• Leticia Pérez, professor and Coordinator of the Post Graduate Studies Program in Museology at the Escuela Nacional de Conservacion, Restauracion y Museografia del Instituto Nacional de Antropologia e Historia (INAH) in Mexico
  • Dr Simon Mark, Massey University

Please circulate to colleagues and register your interest in attending by emailing, before December 1 if possible.

Further information will be circulated soon. Read more about the touring exhibition research project or email

CALL FOR PAPERS Sharia in the Asia-Pacific: Islam, Law and Politics - closing date

Date: 19 June 2015

Time: 8.25 pm

Register here for attending and/or presenting

Symposium dates 25 - 27 August, 2015

The word ‘Sharia’ has had, and continues to have, a range of meanings, resonances and usages in different places and at different times. At its broadest, it points to an all-encompassing way of life, while narrower conceptions are limited to aspects of family law and religious practice. In the Asia-Pacific region, different colonial histories and the varied role Islam has played in nation-building have resulted in complex and nuanced legal models.
The Asia-Pacific offers a practical arena in which to investigate Sharia as it operates in a number of provinces and states, and as it is being progressively introduced in Brunei Darussalam. Sharia increasingly features in the political, religious and academic discourse of the region, ranging from calls for enhanced Islamic identities to practical arrangements for Sharia compliant financial products and services.

The Religious Studies Programme symposium aims to bring together leading scholars from the region and beyond to explore questions on Sharia in the Asia Pacific. We especially (but not exclusively) welcome papers that address the following themes:
- The future of Sharia in Muslim-majority, Muslim-minority, and secular states
- The definitions of Sharia (commercial, family, and criminal law) and contemporary   implementation and applications in the Asia-Pacific
-  The role of Sharia in dynamically changing identities, collective and individual
-  Sharia and minorities and gender equity
-  Sharia and the distinction between private and public law
-  Religion, legal pluralism and the nation state
We aim to publish selected papers focussing on regional case studies and comparative analyses.
Please send an abstract (maximum 250 words) with your personal details (name, institution, phone number and email address) to The deadline for abstracts is15 June 2015.
We look forward to welcoming you at Victoria University of Wellington.


Best wishes,
Organising team


Indigenous Modernisms Histories of the Contemporary

Date: 11–12 December 2014

Time: 9.00 am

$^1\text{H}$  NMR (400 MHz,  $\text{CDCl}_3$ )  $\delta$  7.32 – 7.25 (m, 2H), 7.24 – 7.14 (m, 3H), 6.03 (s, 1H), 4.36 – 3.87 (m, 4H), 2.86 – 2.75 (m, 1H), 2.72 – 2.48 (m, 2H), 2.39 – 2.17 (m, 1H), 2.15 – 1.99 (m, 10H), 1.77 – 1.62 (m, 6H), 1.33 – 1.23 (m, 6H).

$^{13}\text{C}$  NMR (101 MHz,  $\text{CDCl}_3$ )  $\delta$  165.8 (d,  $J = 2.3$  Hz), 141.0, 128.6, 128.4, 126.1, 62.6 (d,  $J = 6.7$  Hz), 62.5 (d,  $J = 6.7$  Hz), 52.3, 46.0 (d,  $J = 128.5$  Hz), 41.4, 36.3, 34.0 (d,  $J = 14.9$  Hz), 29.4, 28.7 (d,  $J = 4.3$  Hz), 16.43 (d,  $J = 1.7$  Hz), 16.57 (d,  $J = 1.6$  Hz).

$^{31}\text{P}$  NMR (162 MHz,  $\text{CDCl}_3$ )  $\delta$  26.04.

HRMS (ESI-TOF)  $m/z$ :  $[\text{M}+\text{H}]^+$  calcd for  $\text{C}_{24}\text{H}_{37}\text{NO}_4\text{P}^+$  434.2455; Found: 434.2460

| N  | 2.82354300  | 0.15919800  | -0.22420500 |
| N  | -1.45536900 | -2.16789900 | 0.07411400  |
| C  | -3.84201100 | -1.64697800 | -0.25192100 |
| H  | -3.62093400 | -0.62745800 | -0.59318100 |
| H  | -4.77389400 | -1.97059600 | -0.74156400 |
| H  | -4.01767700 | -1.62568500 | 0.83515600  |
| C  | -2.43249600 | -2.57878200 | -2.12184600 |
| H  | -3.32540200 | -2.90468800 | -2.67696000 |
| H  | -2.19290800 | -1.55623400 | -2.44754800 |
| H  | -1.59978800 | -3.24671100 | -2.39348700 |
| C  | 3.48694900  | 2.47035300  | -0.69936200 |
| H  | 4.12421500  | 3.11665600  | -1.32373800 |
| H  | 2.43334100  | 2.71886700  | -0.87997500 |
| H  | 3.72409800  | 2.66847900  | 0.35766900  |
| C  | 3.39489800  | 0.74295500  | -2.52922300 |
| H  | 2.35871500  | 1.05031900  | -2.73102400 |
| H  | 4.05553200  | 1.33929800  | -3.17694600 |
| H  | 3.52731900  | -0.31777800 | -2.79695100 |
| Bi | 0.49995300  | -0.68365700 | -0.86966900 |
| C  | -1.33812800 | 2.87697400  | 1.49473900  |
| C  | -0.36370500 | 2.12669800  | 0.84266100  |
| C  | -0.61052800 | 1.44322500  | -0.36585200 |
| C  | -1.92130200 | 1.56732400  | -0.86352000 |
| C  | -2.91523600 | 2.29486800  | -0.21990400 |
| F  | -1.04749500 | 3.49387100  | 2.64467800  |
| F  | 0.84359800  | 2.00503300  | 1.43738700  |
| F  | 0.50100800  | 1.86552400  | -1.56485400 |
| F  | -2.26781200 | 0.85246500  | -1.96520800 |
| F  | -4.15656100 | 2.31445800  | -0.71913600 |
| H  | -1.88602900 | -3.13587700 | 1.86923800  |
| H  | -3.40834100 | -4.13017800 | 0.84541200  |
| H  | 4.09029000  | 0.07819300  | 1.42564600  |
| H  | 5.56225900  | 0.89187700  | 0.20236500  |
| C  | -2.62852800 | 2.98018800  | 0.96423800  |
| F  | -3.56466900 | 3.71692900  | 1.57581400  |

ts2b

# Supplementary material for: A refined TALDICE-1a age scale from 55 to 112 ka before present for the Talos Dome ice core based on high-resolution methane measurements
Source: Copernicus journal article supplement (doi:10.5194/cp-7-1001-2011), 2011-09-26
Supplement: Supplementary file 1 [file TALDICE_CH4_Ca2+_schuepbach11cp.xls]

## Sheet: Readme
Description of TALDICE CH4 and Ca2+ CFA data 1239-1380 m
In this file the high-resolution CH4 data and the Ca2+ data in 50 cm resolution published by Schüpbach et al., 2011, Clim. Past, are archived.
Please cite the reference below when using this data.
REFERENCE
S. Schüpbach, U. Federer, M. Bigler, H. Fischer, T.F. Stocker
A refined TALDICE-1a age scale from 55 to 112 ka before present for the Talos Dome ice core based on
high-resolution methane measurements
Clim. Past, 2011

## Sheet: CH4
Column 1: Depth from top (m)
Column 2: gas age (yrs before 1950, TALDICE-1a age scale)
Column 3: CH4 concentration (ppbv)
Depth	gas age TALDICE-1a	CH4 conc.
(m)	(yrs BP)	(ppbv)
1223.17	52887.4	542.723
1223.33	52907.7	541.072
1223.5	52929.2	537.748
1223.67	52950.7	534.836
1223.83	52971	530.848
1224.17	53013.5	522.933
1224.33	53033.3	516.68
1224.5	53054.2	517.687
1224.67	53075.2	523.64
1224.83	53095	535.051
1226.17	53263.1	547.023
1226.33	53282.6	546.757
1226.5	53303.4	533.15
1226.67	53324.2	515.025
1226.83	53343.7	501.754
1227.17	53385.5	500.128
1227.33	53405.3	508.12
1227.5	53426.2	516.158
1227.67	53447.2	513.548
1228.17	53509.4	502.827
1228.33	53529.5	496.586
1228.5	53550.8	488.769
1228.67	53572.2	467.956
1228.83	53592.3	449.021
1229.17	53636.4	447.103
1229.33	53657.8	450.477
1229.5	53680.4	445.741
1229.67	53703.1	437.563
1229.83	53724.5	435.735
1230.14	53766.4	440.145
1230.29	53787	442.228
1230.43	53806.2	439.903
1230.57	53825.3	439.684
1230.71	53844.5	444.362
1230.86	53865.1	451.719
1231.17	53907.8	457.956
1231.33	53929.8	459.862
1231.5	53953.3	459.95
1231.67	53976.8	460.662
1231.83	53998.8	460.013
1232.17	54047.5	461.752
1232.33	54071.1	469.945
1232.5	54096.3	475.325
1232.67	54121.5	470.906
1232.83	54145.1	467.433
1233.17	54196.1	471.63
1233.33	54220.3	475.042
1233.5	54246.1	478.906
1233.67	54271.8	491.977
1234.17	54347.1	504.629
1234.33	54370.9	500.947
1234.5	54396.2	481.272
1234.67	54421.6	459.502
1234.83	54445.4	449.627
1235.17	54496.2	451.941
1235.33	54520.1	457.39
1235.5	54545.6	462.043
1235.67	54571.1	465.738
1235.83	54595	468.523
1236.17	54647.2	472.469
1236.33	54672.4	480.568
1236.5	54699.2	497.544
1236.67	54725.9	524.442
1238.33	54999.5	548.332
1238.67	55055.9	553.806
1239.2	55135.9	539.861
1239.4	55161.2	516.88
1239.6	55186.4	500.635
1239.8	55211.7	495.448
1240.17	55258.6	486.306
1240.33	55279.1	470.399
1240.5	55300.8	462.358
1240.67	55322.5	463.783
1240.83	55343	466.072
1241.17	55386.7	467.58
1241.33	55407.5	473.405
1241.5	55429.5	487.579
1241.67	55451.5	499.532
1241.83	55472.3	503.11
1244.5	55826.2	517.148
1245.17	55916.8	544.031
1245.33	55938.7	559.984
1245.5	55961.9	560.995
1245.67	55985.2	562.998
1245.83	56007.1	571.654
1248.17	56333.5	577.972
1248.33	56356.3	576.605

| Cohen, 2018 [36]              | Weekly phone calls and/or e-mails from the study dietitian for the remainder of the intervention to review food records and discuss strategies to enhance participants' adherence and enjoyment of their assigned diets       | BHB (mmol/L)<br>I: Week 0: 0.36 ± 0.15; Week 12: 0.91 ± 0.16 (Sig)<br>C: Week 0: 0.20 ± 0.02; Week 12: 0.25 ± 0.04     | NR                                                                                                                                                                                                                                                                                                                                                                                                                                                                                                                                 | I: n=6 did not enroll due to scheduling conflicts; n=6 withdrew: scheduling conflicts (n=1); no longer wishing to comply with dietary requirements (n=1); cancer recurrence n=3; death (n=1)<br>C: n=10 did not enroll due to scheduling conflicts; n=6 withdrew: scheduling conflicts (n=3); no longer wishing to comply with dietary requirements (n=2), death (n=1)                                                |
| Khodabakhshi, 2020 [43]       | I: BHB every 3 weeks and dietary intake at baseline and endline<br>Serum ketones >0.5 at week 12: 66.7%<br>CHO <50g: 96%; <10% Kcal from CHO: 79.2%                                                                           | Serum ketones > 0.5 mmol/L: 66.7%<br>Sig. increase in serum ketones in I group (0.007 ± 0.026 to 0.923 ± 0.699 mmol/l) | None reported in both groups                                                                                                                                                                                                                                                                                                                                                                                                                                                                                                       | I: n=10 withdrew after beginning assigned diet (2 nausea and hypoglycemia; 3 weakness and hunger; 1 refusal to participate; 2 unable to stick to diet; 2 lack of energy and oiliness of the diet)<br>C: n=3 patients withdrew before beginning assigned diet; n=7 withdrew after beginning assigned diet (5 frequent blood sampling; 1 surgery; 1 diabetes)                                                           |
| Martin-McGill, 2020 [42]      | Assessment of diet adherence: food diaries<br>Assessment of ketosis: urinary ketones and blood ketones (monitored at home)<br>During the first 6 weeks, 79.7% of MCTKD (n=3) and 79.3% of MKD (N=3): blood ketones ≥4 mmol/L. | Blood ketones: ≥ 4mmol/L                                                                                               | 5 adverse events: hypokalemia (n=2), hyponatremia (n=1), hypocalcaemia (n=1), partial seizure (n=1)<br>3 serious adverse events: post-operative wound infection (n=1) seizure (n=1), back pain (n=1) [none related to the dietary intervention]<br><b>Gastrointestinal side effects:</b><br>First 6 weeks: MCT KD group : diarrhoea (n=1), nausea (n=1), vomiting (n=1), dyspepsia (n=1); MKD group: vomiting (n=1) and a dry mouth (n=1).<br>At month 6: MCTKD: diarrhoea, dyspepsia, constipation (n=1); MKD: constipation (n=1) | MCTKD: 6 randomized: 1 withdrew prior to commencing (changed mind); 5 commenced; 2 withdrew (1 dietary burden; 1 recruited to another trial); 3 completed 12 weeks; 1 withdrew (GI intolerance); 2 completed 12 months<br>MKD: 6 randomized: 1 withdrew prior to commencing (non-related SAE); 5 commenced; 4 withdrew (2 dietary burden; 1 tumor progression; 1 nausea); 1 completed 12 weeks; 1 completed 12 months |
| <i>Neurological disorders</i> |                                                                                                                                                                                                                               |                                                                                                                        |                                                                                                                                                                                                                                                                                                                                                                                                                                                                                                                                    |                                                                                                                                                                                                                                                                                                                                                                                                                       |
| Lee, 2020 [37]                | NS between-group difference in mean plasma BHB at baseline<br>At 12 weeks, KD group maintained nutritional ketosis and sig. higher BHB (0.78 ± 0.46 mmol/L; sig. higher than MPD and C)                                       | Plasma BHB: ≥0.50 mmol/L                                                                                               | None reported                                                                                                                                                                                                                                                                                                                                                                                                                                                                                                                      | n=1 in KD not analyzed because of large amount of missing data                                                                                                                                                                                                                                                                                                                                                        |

A two-day symposium brought together an international group of scholars, curators and artists to address the question of the relationship between the histories of Indigenous modernisms in New Zealand, Australia, North America, Africa and the Pacific, and the artistic conditions of our own era.

Matchitt image

Paratene Matchitt, Te Kooti Wahawaha, 1967. PVA on hardboard, tryptich. Collection of the artist. Photograph: Marty Dick.


  • Bill Anthes, Pitzer College, Claremont University, USA
  • Geoffrey Batchen, Victoria University of Wellington, NZ
  • Christina Barton, Victoria University of Wellington, NZ
  • Richard Bell, artist, Australia
  • Peter Brunt, Victoria University of Wellington, NZ
  • Shane Cotton, artist, NZ
  • Katharina Greven, University of Bayreuth, Germany
  • Elizabeth Harney, University of Toronto, Canada
  • Heather Igloliorte, Concordia University, Montreal, Canada
  • Sandra Klopper, University of Cape Town, South Africa
  • Ngahiraka Mason, Auckland Art Gallery, NZ
  • Paratene Matchitt, artist, NZ
  • Ian McLean, University of Woollongong, Australia
  • Josh Milani, Milani Gallery, Australia
  • Anitra Nettleton, University of Witwatersrand, South Africa
  • Chika Okeke-Agulu, Princeton University, USA
  • Ruth Phillips, Carleton University, Ottawa, Canada
  • William Jackson Rushing III, University of Oklahoma, USA
  • Terry Smith, University of Pittsburgh, USA
  • Lara Strongman, Christchurch Art Gallery, Christchurch, NZ
  • Megan Tamati-Quennell, Te Papa, NZ
  • Nicholas Thomas, University of Cambridge, UK
  • Nina Tonga, Te Papa, NZ
  • Norman Vorano, Queens University, Canada
  • Anna-Marie White, Suter Gallery, Nelson, NZ

When: 11–12 Dec 2014, 9am–5.30pm
Where: Soundings Theatre, Level 2, Te Papa Tongarewa

Programme available here


The symposium was a collaboration between the Art History Programme, Victoria University of Wellington, the Museum of New Zealand Te Papa Tongarewa, and the 'Multiple Modernisms: 20th Century Modernisms in Global Perspective' research project.

Back to top ^

Theatre Productions

VATS presents Sophocles' Antigone

Date: 16–18 October 2014

Time: 7.30 pm

Venue: 77 Fairlie Tce, Kelburn

Formed this year, Victoria Ancient Theatre Society (VATS) is a student driven group with the goal of producing an annual classical play. For our inaugural production we are proud to present Sophocles' famed tragedy Antigone, featuring a new translation from the Greek by Victoria's own Dr Simon Perris, directed by Theatre student Jess Old, and performed by a cast of current students.

What would you risk for your family?

In the aftermath of a bloody civil war, with both brothers dead, Antigone must fight her uncle's law to protect her family's honour. The ties of blood and politics clash in this modern retelling, with devastating consequences.

Performed in the 77 Fairlie Tce Theatre, this is a must see for lovers of drama and classics alike. 

Performances: 16th, 17th and 18th of October.

Venue: 77 Fairlie Tce, Kelburn

Start Time: 7.30pm

Tickets: $8 Waged, $5 Unwaged, 

Ticket bookings:

Back to top ^